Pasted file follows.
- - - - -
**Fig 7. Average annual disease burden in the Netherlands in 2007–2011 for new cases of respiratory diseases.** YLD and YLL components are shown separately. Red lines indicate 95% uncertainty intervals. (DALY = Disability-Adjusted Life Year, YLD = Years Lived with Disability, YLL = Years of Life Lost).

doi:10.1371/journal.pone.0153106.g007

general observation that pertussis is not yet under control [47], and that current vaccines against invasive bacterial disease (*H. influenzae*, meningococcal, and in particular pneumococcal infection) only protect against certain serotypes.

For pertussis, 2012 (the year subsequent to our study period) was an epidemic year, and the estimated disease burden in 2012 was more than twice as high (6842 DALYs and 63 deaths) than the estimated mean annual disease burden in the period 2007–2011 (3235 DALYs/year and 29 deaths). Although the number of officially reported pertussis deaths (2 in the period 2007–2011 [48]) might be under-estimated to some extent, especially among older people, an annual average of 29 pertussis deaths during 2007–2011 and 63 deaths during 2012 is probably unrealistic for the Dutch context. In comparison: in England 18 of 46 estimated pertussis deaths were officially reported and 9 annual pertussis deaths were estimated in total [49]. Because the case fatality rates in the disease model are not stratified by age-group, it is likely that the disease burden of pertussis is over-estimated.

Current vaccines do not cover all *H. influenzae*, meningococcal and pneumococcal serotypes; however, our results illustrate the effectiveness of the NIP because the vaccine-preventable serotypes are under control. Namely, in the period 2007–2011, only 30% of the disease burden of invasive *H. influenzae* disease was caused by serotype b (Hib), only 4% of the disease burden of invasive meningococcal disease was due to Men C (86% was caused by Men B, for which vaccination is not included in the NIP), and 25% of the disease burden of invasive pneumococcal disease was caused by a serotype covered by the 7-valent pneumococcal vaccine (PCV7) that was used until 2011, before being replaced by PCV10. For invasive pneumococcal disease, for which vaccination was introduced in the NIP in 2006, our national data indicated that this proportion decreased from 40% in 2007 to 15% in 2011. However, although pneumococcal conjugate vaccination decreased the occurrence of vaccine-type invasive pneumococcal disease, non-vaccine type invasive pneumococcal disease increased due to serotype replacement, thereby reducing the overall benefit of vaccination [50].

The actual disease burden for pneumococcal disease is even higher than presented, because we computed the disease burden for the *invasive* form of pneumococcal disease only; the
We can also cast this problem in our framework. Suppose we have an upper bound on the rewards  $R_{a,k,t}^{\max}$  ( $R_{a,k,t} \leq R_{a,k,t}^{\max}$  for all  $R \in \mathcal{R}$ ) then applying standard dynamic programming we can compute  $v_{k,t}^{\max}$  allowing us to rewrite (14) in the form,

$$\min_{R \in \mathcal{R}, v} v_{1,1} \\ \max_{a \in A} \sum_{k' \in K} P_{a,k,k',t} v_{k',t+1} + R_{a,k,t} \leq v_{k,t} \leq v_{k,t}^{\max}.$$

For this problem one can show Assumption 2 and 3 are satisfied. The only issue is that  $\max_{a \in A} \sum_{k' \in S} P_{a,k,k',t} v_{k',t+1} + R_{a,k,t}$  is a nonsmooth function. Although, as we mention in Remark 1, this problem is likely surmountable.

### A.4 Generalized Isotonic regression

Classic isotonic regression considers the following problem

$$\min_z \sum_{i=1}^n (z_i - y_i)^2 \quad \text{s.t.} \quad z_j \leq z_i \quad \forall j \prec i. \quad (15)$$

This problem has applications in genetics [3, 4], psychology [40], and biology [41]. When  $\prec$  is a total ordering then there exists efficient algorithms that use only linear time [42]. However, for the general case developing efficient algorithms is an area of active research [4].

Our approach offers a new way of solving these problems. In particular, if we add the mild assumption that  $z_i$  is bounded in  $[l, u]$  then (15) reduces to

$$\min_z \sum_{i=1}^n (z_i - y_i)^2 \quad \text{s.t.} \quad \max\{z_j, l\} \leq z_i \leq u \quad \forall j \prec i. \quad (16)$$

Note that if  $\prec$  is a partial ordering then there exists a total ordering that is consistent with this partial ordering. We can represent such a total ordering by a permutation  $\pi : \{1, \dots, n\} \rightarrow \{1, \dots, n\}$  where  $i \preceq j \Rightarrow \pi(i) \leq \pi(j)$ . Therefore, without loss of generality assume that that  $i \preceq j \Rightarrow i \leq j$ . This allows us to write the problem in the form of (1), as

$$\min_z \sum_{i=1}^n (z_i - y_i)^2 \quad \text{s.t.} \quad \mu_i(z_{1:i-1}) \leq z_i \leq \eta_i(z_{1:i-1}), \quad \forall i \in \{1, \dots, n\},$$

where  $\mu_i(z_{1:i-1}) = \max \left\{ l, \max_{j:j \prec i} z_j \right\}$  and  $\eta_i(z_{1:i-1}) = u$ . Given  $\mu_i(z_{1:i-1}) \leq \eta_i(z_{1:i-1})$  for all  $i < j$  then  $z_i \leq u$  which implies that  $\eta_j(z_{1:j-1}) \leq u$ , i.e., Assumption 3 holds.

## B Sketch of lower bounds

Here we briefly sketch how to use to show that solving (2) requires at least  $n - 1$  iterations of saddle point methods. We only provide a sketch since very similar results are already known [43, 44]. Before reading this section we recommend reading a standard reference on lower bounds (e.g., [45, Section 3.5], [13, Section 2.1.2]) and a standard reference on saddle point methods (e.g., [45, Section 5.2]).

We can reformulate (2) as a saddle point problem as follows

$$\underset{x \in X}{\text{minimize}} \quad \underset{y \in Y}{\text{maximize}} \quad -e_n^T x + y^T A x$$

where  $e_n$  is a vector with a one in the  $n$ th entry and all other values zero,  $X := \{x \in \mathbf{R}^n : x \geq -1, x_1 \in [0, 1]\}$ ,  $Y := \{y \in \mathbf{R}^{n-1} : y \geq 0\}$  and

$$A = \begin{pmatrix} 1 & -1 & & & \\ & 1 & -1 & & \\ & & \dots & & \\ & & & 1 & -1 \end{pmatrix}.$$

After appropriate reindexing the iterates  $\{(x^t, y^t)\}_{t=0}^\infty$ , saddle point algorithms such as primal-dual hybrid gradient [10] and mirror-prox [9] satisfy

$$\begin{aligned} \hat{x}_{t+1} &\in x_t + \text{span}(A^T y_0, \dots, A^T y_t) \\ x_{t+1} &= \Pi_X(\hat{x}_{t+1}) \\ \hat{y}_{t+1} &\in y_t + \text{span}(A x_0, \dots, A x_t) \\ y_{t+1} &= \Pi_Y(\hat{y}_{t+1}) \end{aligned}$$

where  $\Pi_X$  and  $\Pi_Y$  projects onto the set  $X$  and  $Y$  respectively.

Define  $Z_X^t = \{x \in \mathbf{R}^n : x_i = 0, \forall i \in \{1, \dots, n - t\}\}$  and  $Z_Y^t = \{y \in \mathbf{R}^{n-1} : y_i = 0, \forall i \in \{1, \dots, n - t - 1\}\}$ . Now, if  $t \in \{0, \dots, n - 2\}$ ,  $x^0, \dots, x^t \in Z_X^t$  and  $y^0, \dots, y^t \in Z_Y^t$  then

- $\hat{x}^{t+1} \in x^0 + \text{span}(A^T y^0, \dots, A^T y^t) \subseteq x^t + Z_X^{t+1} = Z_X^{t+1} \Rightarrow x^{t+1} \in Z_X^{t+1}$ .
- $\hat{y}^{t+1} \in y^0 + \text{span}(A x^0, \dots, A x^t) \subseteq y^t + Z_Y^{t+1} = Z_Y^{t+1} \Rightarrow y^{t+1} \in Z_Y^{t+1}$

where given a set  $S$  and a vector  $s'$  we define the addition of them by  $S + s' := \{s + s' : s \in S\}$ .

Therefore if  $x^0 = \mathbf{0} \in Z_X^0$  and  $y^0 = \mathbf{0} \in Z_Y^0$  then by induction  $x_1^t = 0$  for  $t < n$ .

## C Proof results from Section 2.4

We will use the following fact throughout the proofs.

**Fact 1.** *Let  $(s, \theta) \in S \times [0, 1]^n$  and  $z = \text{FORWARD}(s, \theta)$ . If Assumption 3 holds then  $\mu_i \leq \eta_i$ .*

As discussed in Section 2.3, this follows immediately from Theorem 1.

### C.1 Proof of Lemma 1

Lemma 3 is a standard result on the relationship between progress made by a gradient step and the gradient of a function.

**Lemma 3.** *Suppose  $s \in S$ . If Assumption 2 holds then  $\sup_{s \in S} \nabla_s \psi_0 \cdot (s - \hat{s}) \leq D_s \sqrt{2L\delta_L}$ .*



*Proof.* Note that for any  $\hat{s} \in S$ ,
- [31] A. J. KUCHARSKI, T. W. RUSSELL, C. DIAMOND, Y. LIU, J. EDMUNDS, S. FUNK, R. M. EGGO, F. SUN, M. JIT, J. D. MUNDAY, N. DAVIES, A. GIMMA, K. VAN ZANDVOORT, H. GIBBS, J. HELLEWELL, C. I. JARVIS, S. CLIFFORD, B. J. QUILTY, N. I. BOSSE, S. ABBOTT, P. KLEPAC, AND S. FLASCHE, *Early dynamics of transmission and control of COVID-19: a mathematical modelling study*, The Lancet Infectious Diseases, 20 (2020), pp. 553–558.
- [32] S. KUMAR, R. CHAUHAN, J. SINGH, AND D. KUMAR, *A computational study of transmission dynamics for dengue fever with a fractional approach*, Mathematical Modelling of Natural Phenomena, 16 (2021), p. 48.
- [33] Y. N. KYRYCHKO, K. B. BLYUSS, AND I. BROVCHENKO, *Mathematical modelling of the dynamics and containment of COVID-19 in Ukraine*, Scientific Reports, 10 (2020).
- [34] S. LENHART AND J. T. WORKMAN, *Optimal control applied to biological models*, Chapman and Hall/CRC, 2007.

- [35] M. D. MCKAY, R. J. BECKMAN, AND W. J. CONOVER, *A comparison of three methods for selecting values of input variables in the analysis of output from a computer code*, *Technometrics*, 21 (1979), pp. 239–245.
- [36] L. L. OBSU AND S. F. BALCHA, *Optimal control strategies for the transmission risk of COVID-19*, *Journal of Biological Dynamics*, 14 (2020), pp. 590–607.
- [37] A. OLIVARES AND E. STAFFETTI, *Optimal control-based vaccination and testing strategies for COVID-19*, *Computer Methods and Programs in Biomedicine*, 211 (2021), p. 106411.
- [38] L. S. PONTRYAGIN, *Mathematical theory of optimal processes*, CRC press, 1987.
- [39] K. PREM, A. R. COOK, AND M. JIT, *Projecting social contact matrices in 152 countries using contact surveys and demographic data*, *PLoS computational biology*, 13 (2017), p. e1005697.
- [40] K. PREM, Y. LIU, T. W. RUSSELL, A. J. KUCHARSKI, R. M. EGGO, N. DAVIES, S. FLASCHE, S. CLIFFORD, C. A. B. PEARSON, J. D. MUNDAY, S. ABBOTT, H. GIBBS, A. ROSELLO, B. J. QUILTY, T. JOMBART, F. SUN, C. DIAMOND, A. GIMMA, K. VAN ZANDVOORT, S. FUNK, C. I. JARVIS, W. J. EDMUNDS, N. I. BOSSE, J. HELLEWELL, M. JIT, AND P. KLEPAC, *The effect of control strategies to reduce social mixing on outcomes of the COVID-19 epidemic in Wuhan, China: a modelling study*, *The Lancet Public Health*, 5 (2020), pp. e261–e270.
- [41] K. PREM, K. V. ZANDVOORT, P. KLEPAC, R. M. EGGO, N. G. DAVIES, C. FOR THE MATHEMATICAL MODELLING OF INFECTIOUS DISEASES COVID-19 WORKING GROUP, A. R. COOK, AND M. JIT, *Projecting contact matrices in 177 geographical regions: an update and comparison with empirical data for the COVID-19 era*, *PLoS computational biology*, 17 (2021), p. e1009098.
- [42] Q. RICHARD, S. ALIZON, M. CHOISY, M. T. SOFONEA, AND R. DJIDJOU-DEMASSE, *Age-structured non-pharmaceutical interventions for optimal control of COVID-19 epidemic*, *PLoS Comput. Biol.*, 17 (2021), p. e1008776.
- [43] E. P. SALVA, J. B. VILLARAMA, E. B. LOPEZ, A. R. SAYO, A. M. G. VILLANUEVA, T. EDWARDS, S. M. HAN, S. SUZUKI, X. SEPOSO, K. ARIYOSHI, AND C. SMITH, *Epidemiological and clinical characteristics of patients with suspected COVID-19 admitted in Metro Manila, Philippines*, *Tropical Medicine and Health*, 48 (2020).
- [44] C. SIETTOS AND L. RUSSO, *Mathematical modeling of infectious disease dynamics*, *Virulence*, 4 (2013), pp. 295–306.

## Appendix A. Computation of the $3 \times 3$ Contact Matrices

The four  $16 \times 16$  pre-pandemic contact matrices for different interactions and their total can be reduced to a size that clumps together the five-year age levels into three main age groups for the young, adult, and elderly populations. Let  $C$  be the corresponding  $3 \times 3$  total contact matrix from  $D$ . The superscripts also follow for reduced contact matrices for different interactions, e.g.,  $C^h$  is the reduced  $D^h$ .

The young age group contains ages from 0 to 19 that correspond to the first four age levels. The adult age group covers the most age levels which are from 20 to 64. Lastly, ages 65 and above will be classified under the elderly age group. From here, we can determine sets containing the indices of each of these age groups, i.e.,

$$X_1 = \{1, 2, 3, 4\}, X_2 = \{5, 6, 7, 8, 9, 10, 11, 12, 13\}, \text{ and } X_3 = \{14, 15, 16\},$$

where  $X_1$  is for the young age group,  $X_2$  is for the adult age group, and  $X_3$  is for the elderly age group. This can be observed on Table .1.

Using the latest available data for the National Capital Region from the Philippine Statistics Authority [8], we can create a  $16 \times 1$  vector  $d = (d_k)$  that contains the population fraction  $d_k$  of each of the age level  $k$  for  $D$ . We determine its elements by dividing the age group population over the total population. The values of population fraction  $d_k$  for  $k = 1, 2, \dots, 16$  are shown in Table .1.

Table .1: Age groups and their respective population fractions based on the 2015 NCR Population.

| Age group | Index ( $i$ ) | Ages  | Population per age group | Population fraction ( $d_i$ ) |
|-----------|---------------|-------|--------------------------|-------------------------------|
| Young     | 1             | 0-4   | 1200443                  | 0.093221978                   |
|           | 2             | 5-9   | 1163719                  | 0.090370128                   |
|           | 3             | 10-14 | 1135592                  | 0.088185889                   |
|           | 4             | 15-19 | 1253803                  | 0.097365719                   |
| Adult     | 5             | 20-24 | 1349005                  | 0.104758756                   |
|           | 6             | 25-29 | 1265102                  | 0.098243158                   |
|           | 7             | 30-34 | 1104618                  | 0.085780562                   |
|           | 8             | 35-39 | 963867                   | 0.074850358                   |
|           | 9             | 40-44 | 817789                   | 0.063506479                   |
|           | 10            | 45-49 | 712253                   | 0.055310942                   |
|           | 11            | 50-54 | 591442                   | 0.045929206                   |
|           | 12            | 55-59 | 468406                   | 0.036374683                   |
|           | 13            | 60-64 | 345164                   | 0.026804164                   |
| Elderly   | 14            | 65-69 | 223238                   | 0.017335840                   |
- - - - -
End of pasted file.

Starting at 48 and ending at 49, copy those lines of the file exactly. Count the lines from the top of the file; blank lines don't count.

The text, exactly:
- [38] L. S. PONTRYAGIN, *Mathematical theory of optimal processes*, CRC press, 1987.
- [39] K. PREM, A. R. COOK, AND M. JIT, *Projecting social contact matrices in 152 countries using contact surveys and demographic data*, *PLoS computational biology*, 13 (2017), p. e1005697.